Health and social care staff work within a team, some are closer members of the team than others, so it is easy to see how a worker might share information with their manager as part of providing good care and treatment. Where information sharing becomes a bit more difficult is when we are talking about sharing information with people in other organisations who are involved in the person’s care, or, in the case of the Matthew Newlands inquiry, where the person we might be sharing information with is a family member. The legal term we might use here is a third party. We have seen how there is justification established by W v Edgell that we can share information where the person, or other persons, might be at risk of harm if we kept that information to ourselves.
What the law says
Let’s have a quick run through the laws surrounding confidentiality:
- There’s a common law duty of confidentiality. This means when personal information is given in confidence by someone, they would expect it to be kept confidential where we are talking about important information
- Article 8 of The Human Rights Act 1998 respects the right to a private and family life
- The Data Protection Act 1998 incorporates those Article 8 rights, and provides a legal framework for the processing and keeping of information in all forms
- The Crime and Disorder Act 1998 gives a power to organisations to share information with the police in the interest of the prevention or detection of crime
Policy is good for you
An organisational policy on confidentiality should incorporate the requirements of law, and the principles of information sharing in health and social care such as can be found in the NHS Code of Practice on Confidentiality or the Health and Care Professions Council’s document Confidentiality - guidance for registrants. The policy booklet titled Effective Care Co-ordination - Modernising the Care Programme Approach 1999 states ‘Decisions to disclose information against the wishes of an individual should be fully documented and the public interest justification clearly stated.’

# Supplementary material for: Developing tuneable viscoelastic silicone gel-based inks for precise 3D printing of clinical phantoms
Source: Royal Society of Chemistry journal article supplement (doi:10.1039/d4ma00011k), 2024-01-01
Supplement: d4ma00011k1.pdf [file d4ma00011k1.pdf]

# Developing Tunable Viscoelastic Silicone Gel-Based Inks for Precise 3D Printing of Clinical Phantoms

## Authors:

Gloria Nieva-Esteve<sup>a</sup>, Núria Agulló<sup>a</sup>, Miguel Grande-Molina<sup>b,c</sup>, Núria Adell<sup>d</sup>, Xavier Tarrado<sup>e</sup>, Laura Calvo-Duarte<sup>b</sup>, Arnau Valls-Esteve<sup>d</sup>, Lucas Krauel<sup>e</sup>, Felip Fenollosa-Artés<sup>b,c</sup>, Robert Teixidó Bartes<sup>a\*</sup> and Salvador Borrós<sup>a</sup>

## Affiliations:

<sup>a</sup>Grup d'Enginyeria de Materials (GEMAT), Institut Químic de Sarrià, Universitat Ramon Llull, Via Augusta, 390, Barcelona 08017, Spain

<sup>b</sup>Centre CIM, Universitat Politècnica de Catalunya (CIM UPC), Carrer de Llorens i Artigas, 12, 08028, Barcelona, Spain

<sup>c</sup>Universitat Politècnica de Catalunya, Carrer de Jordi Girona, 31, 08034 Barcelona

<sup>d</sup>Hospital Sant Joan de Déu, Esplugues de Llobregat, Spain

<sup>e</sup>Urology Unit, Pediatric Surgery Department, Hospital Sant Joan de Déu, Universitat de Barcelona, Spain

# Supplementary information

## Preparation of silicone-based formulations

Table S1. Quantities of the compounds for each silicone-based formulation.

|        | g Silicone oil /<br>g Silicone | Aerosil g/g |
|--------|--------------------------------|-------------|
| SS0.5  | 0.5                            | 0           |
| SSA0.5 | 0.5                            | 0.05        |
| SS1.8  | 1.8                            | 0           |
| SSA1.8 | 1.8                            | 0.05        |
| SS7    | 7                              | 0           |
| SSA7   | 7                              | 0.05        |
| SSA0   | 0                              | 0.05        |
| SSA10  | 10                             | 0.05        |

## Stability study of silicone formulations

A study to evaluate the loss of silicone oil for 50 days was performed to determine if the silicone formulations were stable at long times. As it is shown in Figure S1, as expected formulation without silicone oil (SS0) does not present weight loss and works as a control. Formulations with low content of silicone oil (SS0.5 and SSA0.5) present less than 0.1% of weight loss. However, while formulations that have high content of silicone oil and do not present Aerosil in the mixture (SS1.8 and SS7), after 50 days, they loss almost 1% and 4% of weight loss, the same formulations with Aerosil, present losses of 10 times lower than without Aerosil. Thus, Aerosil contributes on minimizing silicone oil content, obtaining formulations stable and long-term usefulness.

An effective policy is a good reference point for staff, service users and families, but it cannot cover every individual circumstance. Decision making about sharing information is a tricky area, but here are some useful pointers:
- If someone rings up to tell you something you can listen – you’re not breaching confidentiality by just listening and noting their concerns
- Discuss your organisation’s policies on confidentiality with service users and their families as part of the admission process
- Part of the admission process might be getting service users to given written authority to discuss their care and support with family members
- Where the person lacks mental capacity we can share information as long as we can demonstrate we are doing it in the person’s best interests
- If you do decide to share information, good practice would say you should tell the person what you are doing and why
- Make sure you are recording in writing the occasions when you breach confidentiality and the reasons for doing so
Take a look at the QCS package of policies. Whether the issue is supervision, safeguarding, daily communication meetings or child protection, confidentiality principles are at the heart of all of these.